On Monday, 15th instant, Lieutenant-Colonel Scott, commanding outpost, reported that the enemy's cavalry had crossed the railroad at Darby's in a force supposed to be about 100 strong, with one piece of artillery, and was moving to my right. He was at once ordered to put every available man in the saddle. I also ordered one howitzer from Captain Abell's battery and sent them, under command of Captain Rou, of Second Florida Cavalry, in pursuit. Captain Rou was ordered to ascertain the direction they were going and more definitely their numbers, and if necessary move parallel with them until he could form a junction with Captain Dickison's command, then supposed to be at Starke or Waldo.
On the next day a flag of truce was sent by the brigadier-general commanding to the enemy's lines, Major Goldthwaite, assistant adjutant-general, bearing it, who, upon arriving at Baldwin, 12 miles from Camp Jackson, at 3 p. m., found the place evacuated and burned, and that the enemy had apparently gone in a southerly direction. Scouts were immediately put upon their trail and the command ordered to be ready to move.
The reports from these scouts, received a little after daylight next morning, showed that the enemy were moving in the direction of Starke. I immediately started the command, consisting of about 480 muskets and 2 Napoleons, in pursuit. Kept scouts on the trail as closely as possible and myself informed of their movements. The first day's march brought me at 9 p. m. within 12 miles of Starke, where I learned at 11.30 p. m. that the enemy's infantry, supposed to be about 1,000 strong, with a small force of cavalry and some artillery and baggage wagons, were at 3 p. m., at Big Alligator crossing, on Black Creek and Newnansville road, 15 miles from me, and were moving up that road.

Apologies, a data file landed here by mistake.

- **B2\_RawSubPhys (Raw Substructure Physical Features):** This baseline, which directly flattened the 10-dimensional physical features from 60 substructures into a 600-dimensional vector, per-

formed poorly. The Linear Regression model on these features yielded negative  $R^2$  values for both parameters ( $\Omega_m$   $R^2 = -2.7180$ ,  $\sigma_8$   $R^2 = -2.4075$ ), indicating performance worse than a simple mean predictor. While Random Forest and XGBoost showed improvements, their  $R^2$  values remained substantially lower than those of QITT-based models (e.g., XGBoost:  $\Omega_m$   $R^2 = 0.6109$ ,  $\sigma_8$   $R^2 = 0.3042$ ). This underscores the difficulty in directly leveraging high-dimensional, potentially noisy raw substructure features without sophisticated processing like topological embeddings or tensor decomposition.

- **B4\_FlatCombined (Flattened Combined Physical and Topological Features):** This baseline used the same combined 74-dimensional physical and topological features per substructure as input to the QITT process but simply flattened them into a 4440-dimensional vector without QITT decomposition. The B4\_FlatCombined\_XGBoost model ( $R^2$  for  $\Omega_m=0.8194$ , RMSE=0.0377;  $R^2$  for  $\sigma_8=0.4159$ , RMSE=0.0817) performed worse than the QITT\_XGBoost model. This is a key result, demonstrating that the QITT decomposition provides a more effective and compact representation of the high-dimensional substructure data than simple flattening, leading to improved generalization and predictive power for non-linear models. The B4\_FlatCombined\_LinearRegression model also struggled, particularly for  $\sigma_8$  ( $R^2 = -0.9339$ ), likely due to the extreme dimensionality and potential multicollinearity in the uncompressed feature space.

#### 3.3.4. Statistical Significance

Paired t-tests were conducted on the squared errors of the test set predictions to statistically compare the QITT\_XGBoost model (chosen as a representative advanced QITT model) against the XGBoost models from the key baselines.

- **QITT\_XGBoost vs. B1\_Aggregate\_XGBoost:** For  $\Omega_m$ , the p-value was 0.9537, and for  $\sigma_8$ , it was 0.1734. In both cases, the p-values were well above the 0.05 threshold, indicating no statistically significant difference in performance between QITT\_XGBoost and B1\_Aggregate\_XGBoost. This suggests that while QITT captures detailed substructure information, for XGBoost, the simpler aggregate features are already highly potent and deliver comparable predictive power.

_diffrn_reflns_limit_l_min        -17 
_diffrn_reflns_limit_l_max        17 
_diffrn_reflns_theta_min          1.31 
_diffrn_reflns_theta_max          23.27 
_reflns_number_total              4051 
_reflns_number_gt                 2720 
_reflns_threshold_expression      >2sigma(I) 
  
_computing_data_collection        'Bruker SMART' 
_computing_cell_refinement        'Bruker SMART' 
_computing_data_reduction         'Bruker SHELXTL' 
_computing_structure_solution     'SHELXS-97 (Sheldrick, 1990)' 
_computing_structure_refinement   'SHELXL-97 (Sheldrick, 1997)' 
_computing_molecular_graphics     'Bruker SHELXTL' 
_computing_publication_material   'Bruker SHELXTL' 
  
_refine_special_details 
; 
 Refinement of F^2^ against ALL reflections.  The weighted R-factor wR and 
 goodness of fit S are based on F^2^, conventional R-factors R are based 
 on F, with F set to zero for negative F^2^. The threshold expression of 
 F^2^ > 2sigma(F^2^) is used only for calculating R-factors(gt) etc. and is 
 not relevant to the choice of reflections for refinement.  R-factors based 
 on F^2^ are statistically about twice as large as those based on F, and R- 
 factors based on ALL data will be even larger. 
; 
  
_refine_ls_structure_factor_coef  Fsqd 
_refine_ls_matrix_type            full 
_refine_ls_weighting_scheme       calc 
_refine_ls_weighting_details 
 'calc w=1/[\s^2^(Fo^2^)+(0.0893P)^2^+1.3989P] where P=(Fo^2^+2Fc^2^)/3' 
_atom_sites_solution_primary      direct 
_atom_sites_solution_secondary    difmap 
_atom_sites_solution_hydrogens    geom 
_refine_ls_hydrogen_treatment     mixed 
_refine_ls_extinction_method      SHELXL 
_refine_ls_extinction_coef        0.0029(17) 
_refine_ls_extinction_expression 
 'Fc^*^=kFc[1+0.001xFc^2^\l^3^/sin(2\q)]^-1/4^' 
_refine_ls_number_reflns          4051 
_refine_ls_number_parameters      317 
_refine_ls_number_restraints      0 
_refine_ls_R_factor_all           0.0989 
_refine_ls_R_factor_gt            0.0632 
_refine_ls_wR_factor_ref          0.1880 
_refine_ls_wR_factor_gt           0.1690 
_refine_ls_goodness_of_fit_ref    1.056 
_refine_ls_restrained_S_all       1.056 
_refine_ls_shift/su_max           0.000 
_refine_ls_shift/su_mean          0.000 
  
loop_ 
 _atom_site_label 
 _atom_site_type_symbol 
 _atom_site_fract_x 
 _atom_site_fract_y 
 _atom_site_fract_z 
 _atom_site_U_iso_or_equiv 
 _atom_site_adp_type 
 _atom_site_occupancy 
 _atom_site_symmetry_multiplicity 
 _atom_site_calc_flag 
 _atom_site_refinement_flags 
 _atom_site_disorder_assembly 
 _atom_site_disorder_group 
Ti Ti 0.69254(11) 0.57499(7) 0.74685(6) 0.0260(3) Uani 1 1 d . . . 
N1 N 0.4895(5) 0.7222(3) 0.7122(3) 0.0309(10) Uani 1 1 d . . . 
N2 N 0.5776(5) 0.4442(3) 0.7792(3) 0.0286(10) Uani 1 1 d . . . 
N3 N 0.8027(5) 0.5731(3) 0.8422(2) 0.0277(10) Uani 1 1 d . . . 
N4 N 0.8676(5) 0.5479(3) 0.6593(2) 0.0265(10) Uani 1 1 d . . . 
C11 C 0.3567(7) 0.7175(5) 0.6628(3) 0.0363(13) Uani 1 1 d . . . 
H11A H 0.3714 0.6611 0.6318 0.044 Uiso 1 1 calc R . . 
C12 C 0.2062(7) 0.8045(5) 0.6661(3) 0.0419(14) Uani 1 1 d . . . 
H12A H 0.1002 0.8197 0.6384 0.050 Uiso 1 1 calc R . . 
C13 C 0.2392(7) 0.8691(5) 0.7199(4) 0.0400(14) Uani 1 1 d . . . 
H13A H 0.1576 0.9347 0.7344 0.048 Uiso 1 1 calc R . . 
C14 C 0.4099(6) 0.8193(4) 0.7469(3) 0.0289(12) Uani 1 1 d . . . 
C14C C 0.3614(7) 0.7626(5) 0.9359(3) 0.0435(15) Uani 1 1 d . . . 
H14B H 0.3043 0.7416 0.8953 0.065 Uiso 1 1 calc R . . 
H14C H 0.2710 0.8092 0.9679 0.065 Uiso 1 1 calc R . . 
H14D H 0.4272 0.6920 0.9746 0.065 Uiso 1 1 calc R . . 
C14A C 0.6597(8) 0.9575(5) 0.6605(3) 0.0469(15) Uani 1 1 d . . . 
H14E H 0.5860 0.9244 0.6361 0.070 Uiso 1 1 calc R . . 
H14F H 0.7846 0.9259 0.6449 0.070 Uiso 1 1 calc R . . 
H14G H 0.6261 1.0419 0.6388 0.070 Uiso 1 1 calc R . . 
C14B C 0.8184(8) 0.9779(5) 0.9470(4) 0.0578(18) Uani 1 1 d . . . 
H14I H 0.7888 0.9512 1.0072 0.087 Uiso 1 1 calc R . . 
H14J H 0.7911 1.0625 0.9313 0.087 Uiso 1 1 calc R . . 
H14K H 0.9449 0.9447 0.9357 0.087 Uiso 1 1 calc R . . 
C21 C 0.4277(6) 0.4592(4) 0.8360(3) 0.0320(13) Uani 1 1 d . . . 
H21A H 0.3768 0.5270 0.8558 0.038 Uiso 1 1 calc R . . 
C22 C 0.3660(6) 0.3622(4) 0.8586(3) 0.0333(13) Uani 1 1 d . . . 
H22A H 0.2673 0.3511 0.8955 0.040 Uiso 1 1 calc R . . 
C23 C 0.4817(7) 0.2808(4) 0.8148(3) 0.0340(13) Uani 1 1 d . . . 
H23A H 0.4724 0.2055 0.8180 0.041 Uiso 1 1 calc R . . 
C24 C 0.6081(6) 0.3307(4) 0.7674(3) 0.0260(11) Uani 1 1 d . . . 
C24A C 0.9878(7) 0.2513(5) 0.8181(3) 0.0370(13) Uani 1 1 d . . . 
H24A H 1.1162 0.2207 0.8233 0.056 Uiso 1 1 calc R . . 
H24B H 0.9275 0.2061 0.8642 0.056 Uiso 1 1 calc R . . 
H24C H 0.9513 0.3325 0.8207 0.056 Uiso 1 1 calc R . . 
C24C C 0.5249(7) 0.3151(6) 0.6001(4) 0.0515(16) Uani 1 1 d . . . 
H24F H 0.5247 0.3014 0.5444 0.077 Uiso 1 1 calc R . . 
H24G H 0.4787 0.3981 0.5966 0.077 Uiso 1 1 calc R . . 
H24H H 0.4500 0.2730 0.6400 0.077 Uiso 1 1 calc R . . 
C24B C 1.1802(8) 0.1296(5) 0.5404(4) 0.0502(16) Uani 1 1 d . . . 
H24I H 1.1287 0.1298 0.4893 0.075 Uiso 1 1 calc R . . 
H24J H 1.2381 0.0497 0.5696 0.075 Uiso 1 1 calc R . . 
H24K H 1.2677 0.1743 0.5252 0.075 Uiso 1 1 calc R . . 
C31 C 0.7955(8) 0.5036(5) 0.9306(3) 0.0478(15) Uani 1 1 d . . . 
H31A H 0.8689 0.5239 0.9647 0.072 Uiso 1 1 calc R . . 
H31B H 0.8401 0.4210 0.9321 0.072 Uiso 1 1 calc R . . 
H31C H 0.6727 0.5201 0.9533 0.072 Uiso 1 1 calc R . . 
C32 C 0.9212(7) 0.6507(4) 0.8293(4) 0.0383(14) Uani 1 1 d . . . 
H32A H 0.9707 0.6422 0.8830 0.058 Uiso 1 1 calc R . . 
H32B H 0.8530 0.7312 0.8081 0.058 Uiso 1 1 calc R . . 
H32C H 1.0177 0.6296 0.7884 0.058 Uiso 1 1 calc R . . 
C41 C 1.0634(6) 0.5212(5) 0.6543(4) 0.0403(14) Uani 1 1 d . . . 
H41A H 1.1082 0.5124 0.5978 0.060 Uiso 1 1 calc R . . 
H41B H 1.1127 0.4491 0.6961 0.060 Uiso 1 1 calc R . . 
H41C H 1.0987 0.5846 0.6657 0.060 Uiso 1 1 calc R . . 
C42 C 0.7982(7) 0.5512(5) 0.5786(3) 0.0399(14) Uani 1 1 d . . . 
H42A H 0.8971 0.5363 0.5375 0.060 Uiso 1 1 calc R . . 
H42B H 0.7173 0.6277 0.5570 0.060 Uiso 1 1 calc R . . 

At 3 a. m., I again started on the most direct route to Waldo, hoping by making a forced march to intercept them if they continued up the Newnansville road, or reach Waldo in time to join Captains Rou and Dickison, should the enemy leave the Newnansville road and turn toward Waldo.
At 11.30 a. m., I halted to let the men rest, and while waiting one of my scouts returned and informed me that it was reported that Captain Dickison had met and defeated the cavalry at Gainesville. I now determined to push with all possible dispatch by the nearest route to where I expected to find the enemy's infantry, and notwithstanding the men (many of them unaccustomed to marching) were tired and footsore, they moved cheerfully as directed. We had not marched more than a mile or two when a courier from Colonel Earle, aide-de-camp to Governor Milton, arrived with a dispatch stating that the enemy with a force of 2,000 infantry were within 10 miles of Waldo and coming on. I immediately changed direction, hoping to reach Waldo and make a junction with the forces which I still presumed were there, and it was not until I was within 2 miles of Waldo, about 9 p. m., that I was informed that the enemy had that morning changed their direction and were making for the Saint John's River. Couriers were sent to inform Captain Dickison of my movements shortly after I left Camp Jackson, again when I turned to intercept the enemy, and again when I changed direction to go to Waldo, none of which returned to me, and neither did I get a dispatch from Captain Dickison until I was near the Santa Fe River, a few miles from Waldo.